Councilor Andy Titus and Mayor Jason Levesque suggested last week that the city suspend its curbside program for a year while a new committee assesses the state of recycling and potential changes. The council decided Monday to form the committee but not to suspend curbside collection. Concerned environmental advocates said they supported the decision to continue with the recycling program.
After some debate, councilors voted to shorten the time frame of the committee from 12 to six months, with an option to extend for another six months. The new committee was approved by a 6-1 vote, with Councilor Holly Lasagna opposed based on its shortened scope.
According to the resolve adopted by councilors, the committee’s purpose is to “determine the environmental impact of the program as it currently exists,” compare the city’s current model to other models that it could adopt and “conduct a cost/benefit analysis, including the financial and environmental costs that are avoided by the production of post-recycled consumer goods.”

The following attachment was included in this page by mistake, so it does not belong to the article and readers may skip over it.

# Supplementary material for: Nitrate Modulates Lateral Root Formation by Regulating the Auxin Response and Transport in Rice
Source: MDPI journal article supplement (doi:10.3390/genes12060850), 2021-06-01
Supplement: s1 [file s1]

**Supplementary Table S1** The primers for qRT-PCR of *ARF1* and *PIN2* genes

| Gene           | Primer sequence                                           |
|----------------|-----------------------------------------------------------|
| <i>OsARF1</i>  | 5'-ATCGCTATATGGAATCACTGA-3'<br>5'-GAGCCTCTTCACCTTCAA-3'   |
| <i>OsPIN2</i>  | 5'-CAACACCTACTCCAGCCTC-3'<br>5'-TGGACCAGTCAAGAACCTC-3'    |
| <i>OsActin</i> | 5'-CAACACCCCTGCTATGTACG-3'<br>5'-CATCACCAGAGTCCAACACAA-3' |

It goes on to say, “We know there are increased recycling costs and a portion of previously recycled materials are going to landfills and incinerators,” and, “we need to adapt to a changing marketplace and share strategies on how other municipalities have responded to these new challenges.” The committee will also be expected to work with city staff to develop an educational plan for the community, including the current recycling practice or any adopted changes.
Prior to the vote, Auburn resident Sam Boss, the assistant director of community engaged learning and research at Bates College, was among those who urged the council not to suspend the program. He argued that at a time when climate change has received heightened and warranted attention, suspending the program would signal to young people “that we’re not thinking of your future.”